Something about the Santa myth lends itself to the horror genre, with its combination of magic and maniacs, and there have been several horror films set during Christmas.
Bob Clark’s Black Christmas (1974, poorly remade in 2006), an unnerving “slasher” film avant la lettre, is the best of the Christmas horror films. The recent Rare Exports(2010), from Finland, effectively plays on the supernatural elements of the Santa myth.
Horror aficionados will insist on watching the five films of the Silent Night, Deadly Night (1984) series – crude and unpleasant exercises in mayhem, without the style or suspense of Black Christmas.
Unless one has always imagined Santa as an axe murderer, one should probably avoid these.
Joe Dante’s monster-comedy Gremlins (1984), too, is set during, and reflects on, the Christmas spirit in small-town America, though it wears thin pretty quickly after the dazzling opening forty minutes or so.
The rest: incidental Christmas films, cartoons, TV Specials
There are, in addition to the aforementioned films, several films set partially or entirely during the Christmas period, even as this doesn’t figure at all thematically or in terms of plot.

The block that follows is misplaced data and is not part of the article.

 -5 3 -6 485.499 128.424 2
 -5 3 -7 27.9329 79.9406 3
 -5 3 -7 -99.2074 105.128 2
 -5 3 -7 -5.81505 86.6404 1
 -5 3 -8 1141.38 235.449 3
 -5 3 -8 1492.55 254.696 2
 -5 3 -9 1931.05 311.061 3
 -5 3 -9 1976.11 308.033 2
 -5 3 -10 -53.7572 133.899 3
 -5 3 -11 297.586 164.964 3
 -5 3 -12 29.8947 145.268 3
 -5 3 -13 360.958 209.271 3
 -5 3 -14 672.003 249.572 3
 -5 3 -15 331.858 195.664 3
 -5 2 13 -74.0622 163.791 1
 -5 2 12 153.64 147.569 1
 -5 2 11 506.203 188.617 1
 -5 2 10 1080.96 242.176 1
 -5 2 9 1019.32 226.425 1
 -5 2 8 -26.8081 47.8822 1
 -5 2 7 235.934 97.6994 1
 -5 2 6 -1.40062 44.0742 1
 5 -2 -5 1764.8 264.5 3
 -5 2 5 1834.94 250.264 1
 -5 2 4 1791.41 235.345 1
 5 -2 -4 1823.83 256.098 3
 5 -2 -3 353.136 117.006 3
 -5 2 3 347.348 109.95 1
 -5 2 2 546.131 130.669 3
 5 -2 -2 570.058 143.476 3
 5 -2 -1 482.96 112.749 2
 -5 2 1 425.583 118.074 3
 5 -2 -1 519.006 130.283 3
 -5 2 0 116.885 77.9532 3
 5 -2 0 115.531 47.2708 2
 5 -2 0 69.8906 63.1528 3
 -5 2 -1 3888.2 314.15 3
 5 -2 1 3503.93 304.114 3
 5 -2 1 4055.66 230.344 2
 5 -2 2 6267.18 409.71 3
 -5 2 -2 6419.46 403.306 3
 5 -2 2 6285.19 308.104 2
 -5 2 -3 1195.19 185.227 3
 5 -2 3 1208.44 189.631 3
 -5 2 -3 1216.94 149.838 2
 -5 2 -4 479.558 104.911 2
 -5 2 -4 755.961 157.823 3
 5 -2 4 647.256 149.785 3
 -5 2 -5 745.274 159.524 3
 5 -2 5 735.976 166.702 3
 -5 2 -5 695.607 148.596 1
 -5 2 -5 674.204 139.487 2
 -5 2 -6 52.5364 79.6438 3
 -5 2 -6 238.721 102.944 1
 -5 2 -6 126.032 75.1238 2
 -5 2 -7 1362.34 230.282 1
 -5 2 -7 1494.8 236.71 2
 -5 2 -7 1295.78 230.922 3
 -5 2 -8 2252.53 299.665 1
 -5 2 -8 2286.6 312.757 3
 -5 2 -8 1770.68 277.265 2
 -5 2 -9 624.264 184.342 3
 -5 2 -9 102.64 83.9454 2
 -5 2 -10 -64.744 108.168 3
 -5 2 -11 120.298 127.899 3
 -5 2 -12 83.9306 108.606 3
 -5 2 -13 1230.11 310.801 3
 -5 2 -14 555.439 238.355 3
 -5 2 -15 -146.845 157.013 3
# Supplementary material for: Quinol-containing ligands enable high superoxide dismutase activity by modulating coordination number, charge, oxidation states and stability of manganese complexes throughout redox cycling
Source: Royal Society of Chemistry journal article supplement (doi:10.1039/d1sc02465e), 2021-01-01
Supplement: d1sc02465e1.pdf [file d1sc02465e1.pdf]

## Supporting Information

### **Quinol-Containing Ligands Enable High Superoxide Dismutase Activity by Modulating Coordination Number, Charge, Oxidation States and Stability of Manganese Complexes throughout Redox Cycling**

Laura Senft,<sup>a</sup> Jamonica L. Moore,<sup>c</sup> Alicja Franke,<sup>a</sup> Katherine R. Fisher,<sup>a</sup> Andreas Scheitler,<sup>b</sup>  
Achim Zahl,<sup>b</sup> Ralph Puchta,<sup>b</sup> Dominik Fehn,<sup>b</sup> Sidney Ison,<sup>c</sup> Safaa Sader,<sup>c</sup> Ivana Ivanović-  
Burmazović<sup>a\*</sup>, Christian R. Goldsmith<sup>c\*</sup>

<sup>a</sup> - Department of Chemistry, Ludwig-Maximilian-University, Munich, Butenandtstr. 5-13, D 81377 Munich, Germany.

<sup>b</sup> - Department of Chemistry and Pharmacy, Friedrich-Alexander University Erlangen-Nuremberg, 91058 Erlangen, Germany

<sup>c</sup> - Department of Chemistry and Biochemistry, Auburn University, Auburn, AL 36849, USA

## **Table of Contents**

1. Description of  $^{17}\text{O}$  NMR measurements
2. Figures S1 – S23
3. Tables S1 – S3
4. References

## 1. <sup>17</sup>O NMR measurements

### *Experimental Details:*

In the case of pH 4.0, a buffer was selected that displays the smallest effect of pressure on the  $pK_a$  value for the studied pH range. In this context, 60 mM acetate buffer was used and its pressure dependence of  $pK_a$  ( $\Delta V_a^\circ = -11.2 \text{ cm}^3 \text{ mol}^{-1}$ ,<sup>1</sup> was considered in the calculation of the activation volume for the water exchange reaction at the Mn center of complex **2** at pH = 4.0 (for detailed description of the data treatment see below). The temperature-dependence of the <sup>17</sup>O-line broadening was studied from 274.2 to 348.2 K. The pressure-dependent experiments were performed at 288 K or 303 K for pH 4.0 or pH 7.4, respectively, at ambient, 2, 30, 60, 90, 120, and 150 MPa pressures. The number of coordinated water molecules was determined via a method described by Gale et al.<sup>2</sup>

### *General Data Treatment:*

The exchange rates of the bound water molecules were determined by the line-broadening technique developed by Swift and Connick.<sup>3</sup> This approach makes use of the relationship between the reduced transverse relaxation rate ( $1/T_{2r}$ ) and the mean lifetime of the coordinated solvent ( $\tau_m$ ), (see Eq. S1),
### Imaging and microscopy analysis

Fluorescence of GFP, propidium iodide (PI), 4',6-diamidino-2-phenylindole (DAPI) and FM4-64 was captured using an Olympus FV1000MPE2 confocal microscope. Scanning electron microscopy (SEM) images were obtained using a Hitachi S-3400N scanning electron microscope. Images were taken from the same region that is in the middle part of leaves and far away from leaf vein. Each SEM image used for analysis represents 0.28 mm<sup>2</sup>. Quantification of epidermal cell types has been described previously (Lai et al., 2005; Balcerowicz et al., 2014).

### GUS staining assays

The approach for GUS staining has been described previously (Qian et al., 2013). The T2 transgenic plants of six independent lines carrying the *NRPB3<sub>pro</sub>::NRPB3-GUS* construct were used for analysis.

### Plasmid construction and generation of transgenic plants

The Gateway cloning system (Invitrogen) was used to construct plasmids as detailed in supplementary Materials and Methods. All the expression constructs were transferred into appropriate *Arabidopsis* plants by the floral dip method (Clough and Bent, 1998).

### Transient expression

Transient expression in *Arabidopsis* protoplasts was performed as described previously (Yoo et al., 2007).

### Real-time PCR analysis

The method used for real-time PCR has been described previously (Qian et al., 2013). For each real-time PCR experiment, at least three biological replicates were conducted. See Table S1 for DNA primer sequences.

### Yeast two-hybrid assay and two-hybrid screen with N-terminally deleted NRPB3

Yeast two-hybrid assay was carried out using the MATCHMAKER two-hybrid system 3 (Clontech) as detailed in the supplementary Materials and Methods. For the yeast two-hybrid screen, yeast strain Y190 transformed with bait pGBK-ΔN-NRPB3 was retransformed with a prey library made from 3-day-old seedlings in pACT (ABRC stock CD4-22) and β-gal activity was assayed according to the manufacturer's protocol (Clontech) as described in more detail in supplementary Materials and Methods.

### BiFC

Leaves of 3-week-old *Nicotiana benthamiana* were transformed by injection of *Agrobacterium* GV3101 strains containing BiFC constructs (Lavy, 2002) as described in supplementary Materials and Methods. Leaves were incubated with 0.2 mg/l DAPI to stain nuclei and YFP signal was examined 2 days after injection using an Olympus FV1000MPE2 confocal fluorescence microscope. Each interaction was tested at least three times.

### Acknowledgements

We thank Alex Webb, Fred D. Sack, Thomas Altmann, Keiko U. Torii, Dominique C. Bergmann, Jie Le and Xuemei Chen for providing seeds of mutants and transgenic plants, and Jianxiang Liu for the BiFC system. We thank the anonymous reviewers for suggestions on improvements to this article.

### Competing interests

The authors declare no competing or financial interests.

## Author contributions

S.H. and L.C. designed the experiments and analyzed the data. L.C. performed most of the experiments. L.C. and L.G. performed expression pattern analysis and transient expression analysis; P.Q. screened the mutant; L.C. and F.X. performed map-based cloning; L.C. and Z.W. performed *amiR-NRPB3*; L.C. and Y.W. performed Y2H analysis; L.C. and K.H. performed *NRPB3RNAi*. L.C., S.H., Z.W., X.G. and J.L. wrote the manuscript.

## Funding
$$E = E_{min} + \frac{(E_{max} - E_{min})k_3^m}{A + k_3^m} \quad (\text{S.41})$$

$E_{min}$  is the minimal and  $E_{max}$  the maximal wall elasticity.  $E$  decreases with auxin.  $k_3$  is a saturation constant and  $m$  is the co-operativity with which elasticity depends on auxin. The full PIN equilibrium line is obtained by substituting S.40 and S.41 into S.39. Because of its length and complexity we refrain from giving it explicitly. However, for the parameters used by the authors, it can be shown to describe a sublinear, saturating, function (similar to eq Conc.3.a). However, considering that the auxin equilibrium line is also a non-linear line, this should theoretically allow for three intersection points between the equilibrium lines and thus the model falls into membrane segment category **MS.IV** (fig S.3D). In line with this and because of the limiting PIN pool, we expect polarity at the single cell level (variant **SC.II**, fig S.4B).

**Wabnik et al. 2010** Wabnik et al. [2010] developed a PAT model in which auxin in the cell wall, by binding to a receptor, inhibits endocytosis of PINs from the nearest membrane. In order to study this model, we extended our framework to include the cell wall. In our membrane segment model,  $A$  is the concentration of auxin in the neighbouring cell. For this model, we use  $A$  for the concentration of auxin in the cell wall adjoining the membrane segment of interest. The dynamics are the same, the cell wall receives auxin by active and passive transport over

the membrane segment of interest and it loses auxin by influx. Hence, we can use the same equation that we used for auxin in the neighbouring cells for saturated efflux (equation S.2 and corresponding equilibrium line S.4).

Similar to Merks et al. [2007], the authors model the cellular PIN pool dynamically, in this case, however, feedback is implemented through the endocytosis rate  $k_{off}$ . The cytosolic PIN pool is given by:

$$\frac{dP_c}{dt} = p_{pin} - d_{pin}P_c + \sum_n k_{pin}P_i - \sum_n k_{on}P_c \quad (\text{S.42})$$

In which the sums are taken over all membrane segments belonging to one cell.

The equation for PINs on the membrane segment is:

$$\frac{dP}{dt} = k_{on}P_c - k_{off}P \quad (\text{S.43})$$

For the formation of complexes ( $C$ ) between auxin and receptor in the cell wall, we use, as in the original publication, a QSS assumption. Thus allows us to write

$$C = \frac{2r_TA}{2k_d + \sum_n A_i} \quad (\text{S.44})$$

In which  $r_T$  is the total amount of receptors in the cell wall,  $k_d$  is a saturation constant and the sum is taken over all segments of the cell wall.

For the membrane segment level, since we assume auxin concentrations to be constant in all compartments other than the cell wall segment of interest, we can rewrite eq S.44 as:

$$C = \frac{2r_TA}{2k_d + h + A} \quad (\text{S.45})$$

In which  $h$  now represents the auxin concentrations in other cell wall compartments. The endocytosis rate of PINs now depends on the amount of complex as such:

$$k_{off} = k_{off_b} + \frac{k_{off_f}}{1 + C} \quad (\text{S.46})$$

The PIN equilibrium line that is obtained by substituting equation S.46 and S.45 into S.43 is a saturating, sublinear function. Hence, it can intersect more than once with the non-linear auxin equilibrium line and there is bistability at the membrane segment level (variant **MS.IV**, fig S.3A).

Richard Kelly’s nasty The Box (2009), comes to mind, as does Joseph Zito’s Reaganite masterpiece of American xenophobia, Invasion USA (1985). Chuck Norris evidently doesn’t get a break when it comes to defending the US from its imagined enemies.
One of the great delights of The Flying Nun (1967-1970) was, and shall always be, how wonderfully sweet Sister Bertille (played by Gidget herself, the incomparable Sally Field) is in just about every scene.
I know that kind of naively-enthusiastic caring character is not really in vogue anymore; people like their protagonists flawed, troubled and mired in contrary motivations, but Sister Bertille wore her heartfelt simplicity and wore it well, adding an engaging likability that saw the show through tonal and narrative changes through its three short seasons.
In “Wailing in a Winter Wonderland”, which oddly enough doesn’t contain all that much wailing, unless you count the rendition of “Deck the Halls” at the end of episode – it’s actually quite lovely and in-tune, and while it’s sitcom 101 when it comes to Christmas episodes, it fits nicely with the overall saccharine sweet feel of the show – her willingness to do whatever it takes to make someone happy is front and centre in a storyline that’s as self-sacrificially festive as it gets.